Engaging the Israeli Diaspora: Toronto as a Case Study

Executive Summary

  1. In recent years, the growth of the Israeli diaspora has garnered the attention of and challenged the State of Israel and Jewish world. Estimated 500,000 Israelis that are building a communal life abroad are shaking the Jewish boat.

  2. Traditionally, The State of Israel and Jewish communities alienated from Israeli immigrants due to the inherent tension between the phenomena of Israeli immigration and Zionism.

  3. In recent years, however, this has changed. The State of Israel and Jewish communities increasingly realize that the Israeli diaspora can be a political, economic, social, and cultural asset. Jewish communities recognize Israelis’ strategic significance as instrumental in strengthening Jewish Peoplehood. Additionally, Israelis help in Jewish community efforts to develop pride in Jewish identity. Finally, Israelis offer opportunities for real engagement with Israeli society and can mobilize and be mobilized against the assault on Israel's legitimacy. Accordingly, the State of Israeli and Jewish communal organizations are beginning to engage Israelis.

  4. Following years of alienation, the Toronto Federation has changed its approach toward Israeli immigrants. Today, the Toronto Federation is the leading Jewish organization seeking to engage the Israeli diaspora. In that, it has been paving the way for the Government of Israel and for other Jewish communal organizations globally.

  5. Yet, most Israeli-Canadians still perceive the connection with the Jewish community as not relevant, not important, not a badge of pride, and certainly not a duty. Most of the North-American Israelis made little effort so far to engage with the local Jewish community and see little value in investing in Jewish life abroad. Among Israelis we met, there is a strong suspicion toward the Jewish communal establishment and "Israeli" activities, which is also a result of ignorance toward the Federation's role. Looking for the familiar, Israelis established de-facto a "Little Israel", where Israelis can socialize in Hebrew in schools, cafes and gyms.  

  6. At the same time, many Israelis realize that striving for an exclusively Israeli identity for their children lacks resilience in the absence of connection to Jewish culture and heritage. Meanwhile, the Israeli and Jewish identity of second- and third-generation Israelis is fading. Thus, "Little Israel" is not good enough for cultivating a resilient identity. Thus, second- and third-generation Israelis are moving away from their parents' Israeli national identity towards the all-Canadian national identity, skipping over their inherent Jewish identity.

  7. This understanding heralded the emergence of a new type of Israeli leadership, the North America Jewish Sabra (NAJS). The NAJS seeks to opt for a hybrid identity comprised of both an Israeli identity and a strong connection to Jewish life.

  8. It is the task of the NAJS leadership, the Jewish communal organizations and the Government of Israel to meet the challenge of consolidating a resilient identity among second- and third- generation Israelis in the diaspora.

Strategy and Policy Options

  1. The heretofore approaches to the Israeli diaspora have proven ineffective: The negation of the Israeli diaspora did not bring back the Israelis to Israel; any attempt to fully integrate Israeli-Canadians into the community fails due to the lack of trust of first-generation Israelis in Jewish organizations; and “Little Israel” is evidently not producing another generation of Sabras. Thus, the Reut Institute offers an approach intended for the next generation:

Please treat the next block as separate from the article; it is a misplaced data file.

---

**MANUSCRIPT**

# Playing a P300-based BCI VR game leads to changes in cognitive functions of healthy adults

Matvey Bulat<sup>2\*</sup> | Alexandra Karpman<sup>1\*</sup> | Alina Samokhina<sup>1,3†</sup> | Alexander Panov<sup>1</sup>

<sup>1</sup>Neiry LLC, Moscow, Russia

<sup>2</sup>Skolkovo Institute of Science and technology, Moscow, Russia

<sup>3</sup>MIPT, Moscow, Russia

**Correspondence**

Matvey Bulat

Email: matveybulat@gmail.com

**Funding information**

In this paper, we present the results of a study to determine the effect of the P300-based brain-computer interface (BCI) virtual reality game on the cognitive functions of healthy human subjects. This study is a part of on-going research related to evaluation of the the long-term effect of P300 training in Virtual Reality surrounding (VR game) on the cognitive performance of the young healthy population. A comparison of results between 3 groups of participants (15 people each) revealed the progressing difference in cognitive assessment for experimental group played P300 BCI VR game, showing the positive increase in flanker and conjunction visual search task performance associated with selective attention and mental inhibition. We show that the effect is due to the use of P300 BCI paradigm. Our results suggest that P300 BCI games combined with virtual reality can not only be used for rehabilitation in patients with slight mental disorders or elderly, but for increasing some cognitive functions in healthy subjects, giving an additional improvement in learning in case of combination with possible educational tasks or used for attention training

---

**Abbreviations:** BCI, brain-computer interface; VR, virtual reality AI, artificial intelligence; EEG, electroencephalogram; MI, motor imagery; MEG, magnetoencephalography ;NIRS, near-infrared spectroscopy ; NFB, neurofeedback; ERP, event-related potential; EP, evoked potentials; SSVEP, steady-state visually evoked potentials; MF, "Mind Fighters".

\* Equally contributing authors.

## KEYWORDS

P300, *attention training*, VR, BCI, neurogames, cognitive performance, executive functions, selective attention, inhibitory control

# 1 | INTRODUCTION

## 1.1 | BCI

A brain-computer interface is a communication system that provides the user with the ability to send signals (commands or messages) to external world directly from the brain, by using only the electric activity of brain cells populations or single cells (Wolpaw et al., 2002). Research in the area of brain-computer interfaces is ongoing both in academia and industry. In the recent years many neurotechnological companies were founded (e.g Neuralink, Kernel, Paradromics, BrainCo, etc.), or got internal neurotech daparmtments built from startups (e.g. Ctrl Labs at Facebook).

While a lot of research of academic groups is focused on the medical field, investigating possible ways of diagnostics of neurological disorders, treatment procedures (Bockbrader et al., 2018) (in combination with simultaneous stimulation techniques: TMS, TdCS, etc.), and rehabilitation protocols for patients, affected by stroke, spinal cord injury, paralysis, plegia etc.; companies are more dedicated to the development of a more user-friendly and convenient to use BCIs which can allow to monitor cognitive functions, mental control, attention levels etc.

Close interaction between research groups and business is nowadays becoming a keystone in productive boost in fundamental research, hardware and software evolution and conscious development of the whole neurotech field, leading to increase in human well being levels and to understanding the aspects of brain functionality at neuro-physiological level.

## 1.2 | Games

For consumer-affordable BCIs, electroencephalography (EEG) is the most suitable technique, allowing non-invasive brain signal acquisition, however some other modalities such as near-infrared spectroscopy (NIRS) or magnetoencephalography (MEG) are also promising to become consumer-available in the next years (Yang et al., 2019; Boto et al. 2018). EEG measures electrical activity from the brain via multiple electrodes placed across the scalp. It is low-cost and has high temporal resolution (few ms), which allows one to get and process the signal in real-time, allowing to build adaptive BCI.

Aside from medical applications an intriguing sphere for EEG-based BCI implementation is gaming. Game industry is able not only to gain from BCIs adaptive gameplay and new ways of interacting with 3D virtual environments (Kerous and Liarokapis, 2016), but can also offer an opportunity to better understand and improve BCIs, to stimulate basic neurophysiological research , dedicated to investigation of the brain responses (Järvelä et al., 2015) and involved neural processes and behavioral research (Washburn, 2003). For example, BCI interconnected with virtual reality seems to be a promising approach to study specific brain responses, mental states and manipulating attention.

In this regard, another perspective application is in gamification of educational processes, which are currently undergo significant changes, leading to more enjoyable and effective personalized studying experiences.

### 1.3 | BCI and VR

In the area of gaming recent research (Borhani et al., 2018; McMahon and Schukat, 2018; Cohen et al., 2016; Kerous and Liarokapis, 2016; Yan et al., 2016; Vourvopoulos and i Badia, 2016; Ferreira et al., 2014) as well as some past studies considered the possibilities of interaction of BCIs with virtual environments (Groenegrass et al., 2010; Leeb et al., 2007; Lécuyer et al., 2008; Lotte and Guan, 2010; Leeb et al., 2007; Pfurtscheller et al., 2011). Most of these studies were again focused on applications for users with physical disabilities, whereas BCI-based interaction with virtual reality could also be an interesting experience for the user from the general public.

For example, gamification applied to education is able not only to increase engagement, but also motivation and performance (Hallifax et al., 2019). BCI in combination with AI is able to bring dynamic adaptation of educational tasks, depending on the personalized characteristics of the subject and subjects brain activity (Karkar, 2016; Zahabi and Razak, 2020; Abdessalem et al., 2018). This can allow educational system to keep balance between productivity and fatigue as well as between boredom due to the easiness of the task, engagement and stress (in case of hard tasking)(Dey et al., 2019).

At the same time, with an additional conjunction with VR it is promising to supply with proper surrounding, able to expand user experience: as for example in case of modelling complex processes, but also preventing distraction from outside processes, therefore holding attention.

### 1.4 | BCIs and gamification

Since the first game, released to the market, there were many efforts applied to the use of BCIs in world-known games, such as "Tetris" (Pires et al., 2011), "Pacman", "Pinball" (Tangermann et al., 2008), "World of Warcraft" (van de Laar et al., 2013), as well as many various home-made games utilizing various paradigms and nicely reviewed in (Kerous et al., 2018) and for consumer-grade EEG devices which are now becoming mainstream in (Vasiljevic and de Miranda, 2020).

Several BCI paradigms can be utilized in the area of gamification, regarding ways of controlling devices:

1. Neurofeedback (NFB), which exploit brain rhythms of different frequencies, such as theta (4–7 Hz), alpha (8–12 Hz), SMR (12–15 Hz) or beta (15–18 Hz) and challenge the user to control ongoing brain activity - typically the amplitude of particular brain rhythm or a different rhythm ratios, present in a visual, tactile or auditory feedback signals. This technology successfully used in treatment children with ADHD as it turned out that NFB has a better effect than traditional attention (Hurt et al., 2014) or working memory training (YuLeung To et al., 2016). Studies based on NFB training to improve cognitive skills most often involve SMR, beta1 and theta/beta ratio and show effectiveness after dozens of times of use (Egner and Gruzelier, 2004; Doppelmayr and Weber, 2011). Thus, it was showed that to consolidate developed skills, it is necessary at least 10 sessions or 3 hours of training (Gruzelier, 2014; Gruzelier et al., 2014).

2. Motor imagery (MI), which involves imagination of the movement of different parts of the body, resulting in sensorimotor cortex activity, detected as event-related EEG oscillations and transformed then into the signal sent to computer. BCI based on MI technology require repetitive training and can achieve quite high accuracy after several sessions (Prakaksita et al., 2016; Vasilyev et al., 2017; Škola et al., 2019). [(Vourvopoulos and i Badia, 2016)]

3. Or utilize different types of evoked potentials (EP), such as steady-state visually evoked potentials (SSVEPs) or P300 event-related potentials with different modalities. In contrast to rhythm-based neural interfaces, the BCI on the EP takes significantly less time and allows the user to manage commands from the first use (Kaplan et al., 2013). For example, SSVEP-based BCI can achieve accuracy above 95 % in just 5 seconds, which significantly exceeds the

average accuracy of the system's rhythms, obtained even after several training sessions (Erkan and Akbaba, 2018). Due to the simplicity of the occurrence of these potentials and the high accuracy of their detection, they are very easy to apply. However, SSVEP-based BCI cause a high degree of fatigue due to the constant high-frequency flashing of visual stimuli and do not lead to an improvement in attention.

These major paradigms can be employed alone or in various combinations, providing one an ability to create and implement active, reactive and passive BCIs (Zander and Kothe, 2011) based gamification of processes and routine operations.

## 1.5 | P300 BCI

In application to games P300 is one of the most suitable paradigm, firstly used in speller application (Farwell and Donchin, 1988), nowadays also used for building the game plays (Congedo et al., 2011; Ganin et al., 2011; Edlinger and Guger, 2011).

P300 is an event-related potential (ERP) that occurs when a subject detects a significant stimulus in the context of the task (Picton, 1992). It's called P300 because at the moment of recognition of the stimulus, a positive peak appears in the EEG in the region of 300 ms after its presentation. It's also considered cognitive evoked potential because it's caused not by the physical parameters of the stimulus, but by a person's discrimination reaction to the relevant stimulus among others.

2. The Vision: Facilitating the integration of second- and third- generation Israelis into the Jewish community, acknowledging that the gap between first-generation Israelis and the Jewish community is too wide to close;

  3. The Mission: Cultivate a hybrid Israeli social space. Relevant actors should focus on challenging the concept of "Little Israel." To do so, they must further cultivate a social space that is hybrid, which encourages the emergence of a resilient identity constellation – this includes a strong Israeli dimension as well as a robust connection between Israelis, Judaism and the local Jewish community.

  4. The Strategy: Build the organizations of the "Diaspora in the Making".  The Government of Israel, the Jewish community, and Israeli leaders should work together to establish programs and institutions that reflect the desired hybridism between 'Israelism' and Judaism. These programs and institutions would provide the necessary infrastructure and support, as well as a relevant toolkit for the next generation of Israelis to become active members of Toronto's Jewish community. This effort will also incentivize hybridization among the many existing Israeli informal organizations.

  5. The Reut Institute outlined four criteria aimed at cultivating the Hybrid Social Space: Vision-Driven Hybrid Leadership, Meaningful Engagement with the Jewish Community, Jewish Education and Hebrew and Connection to Israel. Implementing these into platforms and programs is essential for success.

  6. At the Strategy and Policy Options section, we provide detailed recommendations, which mainly draw upon the Schwartz Reisman Centre (SRC) to illustrate how to implement these parameters. That is due to our belief that the SRC is uniquely positioned to strengthen the Israeli-Canadian identity.



Philanthropy, Government, Jewish People, Israeli-Diaspora Relations, Nation-State


Conceptual Framework

Jewish Peoplehood

Israelis Abroad

Today, the Toronto Federation is the leading Jewish organization seeking to engage the Israeli diaspora. In that, it has been paving the way for the Government of Israel and for other Jewish communal organizations globally.

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